That’s the question that we would like all members of our community (and our many visitors) to think about. “What can we do?” Part two of “The Rubbish Warrior Story” gives you some suggestions and ideas from the children and their teachers and helpers about that question.

But first: Thank you very much for taking the time to read this and think about the question “What can we do?” And: if you see one of the young artists, congratulate them upon their beautiful – and very hard work. As their teacher, I am so proud of them, and I am sure that you are, too! 

I would also like to thank and acknowledge all the grownups who donated their time, energy and ideas to the “Rubbish Warrior” project. Without the contributions made by: Andreas, Angelika, Anita, Barbara, Cyra, Dimitra, Giorgo, Klaus, Kosta, Manoli, Martin, Paul, Petra, Sigi, Stella, Uwe, and Wilmie, this project would not have been possible. You are all stars and help prove that “one person alone can do a little, but many people working together can achieve great things.”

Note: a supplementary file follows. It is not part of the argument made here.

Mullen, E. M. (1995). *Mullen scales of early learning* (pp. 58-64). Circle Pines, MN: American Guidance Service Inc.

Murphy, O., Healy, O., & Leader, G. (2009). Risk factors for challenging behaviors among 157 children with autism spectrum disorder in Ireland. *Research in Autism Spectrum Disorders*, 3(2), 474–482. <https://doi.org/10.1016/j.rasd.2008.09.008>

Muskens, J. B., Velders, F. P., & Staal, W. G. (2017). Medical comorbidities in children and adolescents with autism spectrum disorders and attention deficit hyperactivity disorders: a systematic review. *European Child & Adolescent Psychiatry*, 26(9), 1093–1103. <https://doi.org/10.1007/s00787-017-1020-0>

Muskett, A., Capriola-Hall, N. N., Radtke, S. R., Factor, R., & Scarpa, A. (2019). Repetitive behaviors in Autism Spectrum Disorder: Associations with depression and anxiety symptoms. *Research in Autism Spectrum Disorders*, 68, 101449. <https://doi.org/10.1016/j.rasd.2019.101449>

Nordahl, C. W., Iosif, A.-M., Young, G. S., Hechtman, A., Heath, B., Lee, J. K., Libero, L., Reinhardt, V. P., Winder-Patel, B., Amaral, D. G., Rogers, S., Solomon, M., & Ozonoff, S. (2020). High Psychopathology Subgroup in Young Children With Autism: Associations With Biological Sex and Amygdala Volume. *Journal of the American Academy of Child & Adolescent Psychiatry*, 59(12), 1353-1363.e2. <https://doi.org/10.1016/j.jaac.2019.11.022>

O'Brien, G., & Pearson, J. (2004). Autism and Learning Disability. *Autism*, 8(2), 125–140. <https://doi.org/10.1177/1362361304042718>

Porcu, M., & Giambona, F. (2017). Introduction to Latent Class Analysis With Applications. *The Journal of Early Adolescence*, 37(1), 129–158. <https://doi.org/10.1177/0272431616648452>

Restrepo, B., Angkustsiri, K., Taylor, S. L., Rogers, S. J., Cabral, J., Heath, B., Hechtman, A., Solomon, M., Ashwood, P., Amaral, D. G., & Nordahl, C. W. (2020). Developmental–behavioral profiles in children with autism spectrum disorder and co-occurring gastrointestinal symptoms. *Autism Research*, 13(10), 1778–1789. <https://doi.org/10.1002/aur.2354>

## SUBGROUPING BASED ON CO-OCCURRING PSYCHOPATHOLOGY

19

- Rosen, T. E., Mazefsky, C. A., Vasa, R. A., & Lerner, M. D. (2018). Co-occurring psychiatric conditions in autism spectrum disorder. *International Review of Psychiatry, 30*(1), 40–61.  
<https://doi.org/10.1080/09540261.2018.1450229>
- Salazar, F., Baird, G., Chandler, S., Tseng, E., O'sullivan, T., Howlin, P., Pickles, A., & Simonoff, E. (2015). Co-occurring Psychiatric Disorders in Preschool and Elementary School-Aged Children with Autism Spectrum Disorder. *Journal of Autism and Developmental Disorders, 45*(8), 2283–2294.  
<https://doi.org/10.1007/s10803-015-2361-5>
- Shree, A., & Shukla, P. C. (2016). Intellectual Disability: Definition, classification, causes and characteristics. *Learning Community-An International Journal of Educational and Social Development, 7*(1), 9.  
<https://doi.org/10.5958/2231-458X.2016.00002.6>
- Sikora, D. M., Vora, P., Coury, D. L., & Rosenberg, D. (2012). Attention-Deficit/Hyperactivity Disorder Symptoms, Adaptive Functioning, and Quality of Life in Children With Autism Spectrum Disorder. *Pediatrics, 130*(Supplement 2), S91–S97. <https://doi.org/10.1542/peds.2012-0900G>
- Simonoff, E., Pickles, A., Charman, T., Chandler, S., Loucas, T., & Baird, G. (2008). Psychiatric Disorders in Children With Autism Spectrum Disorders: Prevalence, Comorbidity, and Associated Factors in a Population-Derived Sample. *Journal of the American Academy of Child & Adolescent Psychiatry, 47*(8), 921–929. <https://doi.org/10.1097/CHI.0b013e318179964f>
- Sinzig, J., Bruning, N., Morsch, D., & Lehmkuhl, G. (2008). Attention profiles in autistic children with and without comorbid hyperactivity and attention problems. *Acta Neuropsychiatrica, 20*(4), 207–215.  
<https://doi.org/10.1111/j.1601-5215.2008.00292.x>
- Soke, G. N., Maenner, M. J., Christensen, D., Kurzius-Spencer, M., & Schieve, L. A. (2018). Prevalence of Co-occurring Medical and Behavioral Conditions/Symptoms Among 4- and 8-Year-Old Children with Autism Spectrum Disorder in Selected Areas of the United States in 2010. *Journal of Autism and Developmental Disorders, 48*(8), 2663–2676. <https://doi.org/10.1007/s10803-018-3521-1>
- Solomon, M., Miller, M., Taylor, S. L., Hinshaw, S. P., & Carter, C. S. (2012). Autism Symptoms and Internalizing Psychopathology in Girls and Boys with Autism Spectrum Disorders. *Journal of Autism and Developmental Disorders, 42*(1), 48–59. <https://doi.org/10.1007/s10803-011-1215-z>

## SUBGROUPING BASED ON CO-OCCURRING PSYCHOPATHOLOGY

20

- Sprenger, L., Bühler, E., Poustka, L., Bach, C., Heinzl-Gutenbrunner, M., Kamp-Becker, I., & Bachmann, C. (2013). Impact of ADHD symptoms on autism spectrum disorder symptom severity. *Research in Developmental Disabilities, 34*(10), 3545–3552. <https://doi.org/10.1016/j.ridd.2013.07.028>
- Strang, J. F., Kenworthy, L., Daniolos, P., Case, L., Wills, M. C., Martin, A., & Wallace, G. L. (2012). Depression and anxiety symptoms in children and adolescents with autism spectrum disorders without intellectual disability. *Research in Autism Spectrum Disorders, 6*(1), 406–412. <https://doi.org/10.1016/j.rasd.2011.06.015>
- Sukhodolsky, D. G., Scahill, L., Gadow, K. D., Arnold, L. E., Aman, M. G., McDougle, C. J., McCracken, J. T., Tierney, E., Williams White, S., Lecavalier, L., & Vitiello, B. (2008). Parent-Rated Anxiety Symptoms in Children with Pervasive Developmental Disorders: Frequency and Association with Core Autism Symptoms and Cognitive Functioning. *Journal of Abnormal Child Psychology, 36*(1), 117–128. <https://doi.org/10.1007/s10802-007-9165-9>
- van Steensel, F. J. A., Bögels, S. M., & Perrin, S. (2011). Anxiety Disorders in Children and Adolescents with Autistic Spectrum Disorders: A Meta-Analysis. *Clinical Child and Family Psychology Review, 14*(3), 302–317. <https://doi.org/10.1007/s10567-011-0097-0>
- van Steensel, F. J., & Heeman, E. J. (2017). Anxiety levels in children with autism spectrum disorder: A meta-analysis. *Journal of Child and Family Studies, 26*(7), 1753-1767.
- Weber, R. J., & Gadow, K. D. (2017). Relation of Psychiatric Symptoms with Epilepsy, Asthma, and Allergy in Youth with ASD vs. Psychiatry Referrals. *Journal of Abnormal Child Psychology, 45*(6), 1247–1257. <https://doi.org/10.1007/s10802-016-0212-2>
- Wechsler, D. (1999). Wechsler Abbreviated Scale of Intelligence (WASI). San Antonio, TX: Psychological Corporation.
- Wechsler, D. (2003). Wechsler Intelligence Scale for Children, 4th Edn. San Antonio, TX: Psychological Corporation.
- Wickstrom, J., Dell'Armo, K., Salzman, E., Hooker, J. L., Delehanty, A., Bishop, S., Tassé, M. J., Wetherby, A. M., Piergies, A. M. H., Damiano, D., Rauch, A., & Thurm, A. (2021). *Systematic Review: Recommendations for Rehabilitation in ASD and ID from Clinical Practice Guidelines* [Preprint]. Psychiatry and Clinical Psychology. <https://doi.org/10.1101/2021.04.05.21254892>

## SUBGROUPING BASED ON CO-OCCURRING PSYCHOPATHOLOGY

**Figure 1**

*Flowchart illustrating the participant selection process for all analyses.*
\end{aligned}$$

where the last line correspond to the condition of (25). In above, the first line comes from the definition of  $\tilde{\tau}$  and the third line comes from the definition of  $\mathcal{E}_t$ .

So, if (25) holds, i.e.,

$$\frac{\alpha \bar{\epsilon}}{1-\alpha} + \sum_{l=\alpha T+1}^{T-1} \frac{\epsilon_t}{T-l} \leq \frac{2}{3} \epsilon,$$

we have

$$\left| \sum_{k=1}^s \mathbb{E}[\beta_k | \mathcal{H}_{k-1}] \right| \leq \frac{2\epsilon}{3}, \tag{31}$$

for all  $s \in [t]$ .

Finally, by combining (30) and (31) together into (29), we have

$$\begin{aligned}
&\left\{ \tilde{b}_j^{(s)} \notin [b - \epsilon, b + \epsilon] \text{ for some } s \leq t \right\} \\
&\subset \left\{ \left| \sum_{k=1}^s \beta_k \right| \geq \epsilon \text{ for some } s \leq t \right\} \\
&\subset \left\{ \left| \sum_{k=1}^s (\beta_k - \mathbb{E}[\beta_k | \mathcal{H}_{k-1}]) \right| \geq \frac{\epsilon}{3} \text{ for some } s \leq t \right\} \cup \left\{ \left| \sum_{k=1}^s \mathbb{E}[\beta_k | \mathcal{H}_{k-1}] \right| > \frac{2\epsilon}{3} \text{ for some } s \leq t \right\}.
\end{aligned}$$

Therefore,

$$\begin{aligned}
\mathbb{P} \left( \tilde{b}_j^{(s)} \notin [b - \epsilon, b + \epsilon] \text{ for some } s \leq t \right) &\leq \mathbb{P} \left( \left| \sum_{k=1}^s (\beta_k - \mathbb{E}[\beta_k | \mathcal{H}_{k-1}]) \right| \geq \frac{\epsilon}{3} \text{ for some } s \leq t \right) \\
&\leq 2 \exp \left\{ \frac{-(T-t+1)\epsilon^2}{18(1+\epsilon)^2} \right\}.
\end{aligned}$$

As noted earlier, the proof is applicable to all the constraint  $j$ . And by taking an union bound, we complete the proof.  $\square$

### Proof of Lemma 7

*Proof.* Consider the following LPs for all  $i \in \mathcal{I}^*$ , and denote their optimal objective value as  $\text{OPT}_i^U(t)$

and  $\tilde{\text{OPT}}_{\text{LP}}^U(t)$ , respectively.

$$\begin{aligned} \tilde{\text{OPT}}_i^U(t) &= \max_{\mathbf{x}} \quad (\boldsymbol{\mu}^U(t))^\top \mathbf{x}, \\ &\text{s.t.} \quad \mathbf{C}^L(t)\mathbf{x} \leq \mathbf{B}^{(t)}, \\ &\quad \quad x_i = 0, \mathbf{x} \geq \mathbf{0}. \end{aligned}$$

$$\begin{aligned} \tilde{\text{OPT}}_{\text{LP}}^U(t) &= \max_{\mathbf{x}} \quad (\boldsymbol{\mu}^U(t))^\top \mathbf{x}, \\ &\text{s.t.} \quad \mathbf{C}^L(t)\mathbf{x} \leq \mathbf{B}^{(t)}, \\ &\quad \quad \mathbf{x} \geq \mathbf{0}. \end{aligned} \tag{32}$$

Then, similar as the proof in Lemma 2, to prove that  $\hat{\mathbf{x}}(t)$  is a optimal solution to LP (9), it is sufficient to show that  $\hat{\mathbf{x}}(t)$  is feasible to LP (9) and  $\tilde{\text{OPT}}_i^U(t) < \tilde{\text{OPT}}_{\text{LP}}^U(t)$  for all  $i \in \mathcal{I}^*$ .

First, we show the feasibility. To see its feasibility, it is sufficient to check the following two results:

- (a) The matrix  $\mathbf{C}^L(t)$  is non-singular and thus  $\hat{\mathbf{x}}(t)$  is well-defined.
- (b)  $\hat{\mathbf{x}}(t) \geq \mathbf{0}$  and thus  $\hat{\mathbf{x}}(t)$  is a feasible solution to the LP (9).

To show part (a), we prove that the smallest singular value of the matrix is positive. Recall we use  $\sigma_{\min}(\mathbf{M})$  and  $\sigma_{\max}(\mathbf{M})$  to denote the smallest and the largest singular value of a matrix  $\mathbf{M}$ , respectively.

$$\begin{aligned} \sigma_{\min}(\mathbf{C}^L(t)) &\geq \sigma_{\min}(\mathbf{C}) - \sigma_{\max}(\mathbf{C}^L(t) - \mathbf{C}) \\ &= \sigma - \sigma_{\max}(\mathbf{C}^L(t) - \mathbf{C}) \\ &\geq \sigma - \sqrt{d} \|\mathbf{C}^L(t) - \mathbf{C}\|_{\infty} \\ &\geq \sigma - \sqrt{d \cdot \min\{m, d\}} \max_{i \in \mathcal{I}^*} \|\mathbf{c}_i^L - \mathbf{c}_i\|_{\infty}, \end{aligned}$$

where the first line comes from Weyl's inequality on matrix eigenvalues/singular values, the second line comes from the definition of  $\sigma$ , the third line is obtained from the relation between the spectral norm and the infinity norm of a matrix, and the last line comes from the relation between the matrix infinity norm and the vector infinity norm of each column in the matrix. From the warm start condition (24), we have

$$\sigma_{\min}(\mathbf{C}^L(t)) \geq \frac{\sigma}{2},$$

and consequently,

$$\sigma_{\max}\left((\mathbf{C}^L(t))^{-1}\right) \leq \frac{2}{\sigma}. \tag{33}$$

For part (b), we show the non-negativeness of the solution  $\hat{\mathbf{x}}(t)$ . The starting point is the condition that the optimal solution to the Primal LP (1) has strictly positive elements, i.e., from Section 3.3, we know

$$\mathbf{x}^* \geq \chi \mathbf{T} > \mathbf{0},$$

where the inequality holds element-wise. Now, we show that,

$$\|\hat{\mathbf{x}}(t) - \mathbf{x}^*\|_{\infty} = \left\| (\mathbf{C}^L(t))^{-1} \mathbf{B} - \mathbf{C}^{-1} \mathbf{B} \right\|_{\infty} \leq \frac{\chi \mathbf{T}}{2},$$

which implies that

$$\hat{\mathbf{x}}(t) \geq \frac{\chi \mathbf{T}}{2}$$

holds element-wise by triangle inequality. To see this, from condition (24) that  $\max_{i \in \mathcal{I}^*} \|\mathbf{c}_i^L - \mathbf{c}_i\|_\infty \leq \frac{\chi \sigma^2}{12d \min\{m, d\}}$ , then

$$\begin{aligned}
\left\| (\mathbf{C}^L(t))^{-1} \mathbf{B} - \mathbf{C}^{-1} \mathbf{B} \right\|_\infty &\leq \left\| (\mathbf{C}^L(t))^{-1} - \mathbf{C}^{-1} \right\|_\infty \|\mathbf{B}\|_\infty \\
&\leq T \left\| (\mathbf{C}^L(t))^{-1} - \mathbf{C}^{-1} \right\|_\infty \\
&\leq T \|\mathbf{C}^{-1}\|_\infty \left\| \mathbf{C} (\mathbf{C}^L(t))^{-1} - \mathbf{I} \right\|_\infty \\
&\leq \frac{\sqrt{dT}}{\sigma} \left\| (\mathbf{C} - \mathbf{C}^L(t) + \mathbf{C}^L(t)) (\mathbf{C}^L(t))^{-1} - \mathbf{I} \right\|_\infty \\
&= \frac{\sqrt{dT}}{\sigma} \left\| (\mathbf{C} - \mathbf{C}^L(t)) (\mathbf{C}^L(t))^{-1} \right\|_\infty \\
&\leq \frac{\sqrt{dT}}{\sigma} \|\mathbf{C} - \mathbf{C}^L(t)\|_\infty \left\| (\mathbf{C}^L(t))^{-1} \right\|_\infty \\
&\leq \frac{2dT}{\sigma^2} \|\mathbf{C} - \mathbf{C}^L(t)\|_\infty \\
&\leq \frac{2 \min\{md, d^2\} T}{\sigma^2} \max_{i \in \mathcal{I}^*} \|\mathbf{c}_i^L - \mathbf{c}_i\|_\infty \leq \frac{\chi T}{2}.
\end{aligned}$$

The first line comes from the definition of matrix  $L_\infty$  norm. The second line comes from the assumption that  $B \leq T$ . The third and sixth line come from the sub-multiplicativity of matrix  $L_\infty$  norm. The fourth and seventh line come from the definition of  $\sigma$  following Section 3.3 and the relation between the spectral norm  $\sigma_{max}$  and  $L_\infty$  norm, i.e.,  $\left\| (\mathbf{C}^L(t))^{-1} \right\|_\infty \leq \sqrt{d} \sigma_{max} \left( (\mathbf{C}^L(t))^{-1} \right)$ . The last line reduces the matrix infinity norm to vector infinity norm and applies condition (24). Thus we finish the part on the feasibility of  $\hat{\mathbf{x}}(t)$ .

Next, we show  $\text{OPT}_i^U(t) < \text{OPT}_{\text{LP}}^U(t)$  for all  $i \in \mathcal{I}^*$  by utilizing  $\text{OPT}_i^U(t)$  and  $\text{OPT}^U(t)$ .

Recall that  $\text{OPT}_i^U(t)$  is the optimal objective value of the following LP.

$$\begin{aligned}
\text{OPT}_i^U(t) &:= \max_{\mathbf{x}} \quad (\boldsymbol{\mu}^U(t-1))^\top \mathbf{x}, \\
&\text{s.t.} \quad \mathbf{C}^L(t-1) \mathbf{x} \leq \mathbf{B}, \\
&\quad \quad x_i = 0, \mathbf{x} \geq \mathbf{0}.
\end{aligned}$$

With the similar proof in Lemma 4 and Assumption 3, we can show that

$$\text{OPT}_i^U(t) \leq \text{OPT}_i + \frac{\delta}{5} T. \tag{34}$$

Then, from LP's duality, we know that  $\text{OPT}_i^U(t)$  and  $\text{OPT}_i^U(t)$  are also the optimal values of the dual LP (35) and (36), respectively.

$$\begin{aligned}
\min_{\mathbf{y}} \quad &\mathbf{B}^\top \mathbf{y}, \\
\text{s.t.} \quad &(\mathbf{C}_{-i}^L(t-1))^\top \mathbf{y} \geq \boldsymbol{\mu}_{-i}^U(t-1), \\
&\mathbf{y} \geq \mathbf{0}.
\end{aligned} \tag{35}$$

With kind regards,
Gina Kraft, Head Teacher, Project Pame e.V. English Courses

The Rubbish Warrior Story Part 2

Have you been thinking about the question “What can we do?” about properly disposing of our rubbish so that the collection sites remain clean – and so that our rubbish doesn’t pollute the land and sea.

It certainly looks like it, because at minimum, one week after the children’s “Rubbish Warrior” came to its first exhibit site, the rubbish collection place between Papadoyiannis and Lentas is looking MUCH better. Thank you!!!!!

Now here are 14 ideas from the children (and their teachers) to help keep the rubbish collection sites clean – and even more importantly, prevent our rubbish from filling the landscape and the sea.

  1. Always put rubbish in bags (not boxes!). Make sure the bags are closed /tied. (This is because: open bags – or paper cartons filled with rubbish stink, the rubbish spills out inside the bins or onto the ground – and then gets blown away along the road, into the river beds – and then can end up in the sea.